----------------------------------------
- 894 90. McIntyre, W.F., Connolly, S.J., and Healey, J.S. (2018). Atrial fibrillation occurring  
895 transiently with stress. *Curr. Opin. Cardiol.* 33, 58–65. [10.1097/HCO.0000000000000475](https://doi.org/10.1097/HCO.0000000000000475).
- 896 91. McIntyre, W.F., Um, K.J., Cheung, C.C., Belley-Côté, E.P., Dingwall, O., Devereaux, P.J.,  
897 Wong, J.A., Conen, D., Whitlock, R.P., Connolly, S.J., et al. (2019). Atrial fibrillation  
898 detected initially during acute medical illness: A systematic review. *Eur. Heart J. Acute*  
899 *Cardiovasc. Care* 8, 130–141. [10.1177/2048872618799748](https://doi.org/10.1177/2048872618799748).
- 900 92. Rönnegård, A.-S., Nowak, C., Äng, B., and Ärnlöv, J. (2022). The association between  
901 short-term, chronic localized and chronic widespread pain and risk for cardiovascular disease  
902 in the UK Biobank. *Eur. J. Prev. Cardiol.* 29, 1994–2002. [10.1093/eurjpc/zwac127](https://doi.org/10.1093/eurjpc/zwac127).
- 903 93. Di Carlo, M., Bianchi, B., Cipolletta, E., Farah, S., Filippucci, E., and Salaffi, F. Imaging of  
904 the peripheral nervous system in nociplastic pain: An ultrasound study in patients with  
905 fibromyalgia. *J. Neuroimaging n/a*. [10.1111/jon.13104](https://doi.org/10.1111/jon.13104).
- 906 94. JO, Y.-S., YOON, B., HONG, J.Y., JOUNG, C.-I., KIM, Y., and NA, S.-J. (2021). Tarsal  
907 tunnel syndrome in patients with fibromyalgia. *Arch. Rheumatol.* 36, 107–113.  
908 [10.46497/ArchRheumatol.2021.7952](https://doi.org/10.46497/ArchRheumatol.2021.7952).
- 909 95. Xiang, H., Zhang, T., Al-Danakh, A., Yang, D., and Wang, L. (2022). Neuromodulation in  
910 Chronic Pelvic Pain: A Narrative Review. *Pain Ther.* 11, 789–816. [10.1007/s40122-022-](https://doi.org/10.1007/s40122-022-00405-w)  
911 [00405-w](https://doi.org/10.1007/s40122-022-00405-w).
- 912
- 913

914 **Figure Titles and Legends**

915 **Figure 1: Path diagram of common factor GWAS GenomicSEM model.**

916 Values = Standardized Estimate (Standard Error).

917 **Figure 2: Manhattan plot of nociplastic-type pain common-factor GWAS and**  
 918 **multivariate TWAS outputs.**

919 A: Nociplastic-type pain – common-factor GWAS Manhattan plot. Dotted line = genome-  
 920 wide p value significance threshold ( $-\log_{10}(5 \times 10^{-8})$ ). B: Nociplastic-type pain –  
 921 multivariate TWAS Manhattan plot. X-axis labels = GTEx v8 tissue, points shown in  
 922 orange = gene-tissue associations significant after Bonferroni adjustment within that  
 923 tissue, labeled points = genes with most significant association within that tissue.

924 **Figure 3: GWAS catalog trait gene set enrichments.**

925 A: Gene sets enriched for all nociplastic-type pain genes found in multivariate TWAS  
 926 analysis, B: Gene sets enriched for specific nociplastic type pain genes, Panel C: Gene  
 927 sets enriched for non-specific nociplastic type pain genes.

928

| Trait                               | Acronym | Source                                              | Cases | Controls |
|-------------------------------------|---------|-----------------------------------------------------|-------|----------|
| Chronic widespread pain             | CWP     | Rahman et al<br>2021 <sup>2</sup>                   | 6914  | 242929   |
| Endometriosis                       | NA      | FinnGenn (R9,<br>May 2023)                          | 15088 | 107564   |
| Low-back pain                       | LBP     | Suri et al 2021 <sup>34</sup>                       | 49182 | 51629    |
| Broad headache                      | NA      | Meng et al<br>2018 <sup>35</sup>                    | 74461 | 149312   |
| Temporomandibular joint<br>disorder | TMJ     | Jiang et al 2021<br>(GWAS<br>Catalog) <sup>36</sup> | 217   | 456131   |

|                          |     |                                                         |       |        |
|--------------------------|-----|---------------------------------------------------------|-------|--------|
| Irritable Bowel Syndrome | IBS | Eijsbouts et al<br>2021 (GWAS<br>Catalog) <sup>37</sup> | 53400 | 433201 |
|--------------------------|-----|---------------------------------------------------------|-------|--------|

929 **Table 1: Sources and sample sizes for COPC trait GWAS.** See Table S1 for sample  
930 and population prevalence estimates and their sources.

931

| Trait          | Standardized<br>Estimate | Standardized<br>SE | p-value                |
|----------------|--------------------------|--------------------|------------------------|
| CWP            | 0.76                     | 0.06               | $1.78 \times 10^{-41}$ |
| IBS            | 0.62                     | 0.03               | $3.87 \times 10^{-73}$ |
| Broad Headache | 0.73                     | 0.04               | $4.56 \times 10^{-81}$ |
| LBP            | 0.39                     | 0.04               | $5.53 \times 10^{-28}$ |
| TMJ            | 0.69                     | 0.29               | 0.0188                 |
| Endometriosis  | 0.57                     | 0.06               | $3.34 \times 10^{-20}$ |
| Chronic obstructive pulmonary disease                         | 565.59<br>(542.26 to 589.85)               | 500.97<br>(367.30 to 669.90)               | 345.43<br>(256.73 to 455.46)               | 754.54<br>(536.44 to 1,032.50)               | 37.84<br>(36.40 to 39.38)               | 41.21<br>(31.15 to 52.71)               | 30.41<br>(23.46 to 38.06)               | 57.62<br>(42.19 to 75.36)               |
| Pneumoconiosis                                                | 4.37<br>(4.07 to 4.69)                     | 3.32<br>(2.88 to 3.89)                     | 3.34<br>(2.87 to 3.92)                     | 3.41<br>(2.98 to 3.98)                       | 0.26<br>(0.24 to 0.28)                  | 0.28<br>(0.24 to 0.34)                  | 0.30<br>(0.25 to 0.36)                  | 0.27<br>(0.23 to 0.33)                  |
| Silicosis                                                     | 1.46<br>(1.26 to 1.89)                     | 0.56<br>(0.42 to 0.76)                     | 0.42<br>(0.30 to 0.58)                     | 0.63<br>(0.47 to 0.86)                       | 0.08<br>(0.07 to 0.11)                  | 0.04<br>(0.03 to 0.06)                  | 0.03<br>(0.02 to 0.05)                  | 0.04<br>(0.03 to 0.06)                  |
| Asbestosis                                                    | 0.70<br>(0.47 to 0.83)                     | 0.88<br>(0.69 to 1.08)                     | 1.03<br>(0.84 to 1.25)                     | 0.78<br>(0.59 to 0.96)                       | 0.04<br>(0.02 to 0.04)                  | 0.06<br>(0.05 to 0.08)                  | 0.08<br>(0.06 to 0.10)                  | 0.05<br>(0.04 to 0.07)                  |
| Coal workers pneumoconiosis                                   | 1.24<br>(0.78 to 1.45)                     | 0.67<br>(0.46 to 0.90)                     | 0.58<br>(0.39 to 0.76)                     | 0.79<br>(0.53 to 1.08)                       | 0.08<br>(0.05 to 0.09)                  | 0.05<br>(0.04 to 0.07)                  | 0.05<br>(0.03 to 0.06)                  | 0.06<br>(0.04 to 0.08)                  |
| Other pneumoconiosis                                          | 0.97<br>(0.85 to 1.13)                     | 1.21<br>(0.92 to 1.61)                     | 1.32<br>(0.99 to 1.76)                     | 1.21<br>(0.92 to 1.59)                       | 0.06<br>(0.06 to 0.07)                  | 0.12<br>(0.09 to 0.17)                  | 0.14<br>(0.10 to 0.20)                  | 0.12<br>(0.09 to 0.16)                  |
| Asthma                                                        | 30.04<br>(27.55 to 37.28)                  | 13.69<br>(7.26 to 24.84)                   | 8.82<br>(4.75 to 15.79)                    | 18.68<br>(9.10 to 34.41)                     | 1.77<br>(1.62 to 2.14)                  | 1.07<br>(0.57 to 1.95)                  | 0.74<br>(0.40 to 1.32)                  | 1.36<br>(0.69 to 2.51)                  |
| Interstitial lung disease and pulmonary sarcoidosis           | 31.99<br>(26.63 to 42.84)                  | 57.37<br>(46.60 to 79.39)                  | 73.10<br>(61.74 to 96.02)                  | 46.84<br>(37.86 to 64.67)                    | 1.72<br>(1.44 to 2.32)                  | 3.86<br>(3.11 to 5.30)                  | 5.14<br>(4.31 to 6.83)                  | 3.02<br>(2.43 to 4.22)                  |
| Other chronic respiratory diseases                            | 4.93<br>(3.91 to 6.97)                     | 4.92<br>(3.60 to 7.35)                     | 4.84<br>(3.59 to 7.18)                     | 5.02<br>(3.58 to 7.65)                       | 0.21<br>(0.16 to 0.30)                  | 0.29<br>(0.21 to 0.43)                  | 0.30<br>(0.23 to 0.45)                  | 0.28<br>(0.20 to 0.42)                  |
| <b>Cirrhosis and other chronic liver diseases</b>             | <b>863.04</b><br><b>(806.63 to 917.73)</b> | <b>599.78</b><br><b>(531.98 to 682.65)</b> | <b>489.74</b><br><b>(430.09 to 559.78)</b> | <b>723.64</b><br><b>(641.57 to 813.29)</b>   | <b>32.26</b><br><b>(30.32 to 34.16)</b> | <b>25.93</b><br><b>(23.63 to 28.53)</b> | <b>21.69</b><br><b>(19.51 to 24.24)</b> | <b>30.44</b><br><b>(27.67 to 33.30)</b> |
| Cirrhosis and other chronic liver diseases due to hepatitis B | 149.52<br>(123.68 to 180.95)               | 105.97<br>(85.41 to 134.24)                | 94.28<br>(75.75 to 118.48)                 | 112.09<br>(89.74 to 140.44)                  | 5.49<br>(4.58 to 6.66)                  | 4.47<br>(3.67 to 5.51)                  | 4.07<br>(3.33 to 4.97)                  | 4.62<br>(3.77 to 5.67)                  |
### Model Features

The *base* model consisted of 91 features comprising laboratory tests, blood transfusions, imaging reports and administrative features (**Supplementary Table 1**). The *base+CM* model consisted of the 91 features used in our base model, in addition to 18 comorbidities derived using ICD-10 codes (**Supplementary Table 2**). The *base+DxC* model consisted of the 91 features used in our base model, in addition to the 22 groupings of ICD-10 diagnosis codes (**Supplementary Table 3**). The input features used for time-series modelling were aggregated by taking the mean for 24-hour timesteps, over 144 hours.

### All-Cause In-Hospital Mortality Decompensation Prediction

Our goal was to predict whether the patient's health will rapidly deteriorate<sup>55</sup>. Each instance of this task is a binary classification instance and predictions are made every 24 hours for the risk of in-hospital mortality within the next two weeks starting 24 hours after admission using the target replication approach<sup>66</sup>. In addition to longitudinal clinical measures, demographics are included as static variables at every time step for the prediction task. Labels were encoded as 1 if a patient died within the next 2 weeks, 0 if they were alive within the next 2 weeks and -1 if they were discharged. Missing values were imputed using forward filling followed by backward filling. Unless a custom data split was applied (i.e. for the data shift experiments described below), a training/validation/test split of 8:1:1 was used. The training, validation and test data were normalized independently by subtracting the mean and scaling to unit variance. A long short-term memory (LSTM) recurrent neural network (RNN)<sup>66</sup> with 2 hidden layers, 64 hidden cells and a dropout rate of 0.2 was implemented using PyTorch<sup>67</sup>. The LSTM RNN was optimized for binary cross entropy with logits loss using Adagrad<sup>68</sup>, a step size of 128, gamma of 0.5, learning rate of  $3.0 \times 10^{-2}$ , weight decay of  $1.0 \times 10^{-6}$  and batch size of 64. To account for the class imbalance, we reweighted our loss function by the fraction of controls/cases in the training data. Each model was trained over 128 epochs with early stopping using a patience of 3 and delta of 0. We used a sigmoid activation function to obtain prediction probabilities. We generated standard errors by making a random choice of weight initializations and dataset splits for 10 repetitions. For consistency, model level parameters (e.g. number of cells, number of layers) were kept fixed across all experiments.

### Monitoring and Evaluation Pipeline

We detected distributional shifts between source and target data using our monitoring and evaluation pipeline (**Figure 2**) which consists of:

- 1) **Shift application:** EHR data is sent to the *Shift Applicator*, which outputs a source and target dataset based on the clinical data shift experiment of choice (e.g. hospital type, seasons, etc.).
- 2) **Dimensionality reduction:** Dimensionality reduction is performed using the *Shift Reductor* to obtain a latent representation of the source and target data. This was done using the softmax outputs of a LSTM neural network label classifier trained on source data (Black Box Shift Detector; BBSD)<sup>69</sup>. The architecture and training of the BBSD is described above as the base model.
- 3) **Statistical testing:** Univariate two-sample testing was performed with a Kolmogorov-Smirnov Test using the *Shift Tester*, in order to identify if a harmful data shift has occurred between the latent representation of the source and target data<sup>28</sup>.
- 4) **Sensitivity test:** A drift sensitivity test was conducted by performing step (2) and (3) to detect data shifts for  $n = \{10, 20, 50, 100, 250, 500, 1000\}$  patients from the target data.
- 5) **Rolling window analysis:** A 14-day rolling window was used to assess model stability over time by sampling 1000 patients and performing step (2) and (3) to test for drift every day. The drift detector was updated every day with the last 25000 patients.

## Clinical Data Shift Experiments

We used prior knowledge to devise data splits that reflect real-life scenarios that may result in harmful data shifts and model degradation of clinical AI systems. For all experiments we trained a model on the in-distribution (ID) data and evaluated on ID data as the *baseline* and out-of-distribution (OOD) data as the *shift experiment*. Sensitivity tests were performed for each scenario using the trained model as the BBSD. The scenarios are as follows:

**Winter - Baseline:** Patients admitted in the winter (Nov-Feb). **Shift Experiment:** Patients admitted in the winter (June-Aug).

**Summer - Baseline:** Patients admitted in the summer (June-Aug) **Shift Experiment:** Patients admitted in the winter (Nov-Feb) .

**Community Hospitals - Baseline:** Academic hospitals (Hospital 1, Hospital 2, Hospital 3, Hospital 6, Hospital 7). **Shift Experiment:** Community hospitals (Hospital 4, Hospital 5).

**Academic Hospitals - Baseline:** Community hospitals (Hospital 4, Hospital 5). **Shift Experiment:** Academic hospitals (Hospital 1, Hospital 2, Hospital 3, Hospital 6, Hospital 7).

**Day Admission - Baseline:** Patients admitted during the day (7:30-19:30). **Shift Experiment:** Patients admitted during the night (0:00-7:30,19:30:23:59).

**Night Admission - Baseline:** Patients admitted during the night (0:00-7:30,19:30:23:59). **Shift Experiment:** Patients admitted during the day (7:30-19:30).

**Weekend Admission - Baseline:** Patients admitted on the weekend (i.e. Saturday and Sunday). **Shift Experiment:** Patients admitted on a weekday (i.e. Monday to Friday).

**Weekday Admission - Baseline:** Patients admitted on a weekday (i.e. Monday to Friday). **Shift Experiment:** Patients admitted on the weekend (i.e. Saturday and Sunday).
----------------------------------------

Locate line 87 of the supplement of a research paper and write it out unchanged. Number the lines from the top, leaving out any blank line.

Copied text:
**Night Admission - Baseline:** Patients admitted during the night (0:00-7:30,19:30:23:59). **Shift Experiment:** Patients admitted during the day (7:30-19:30).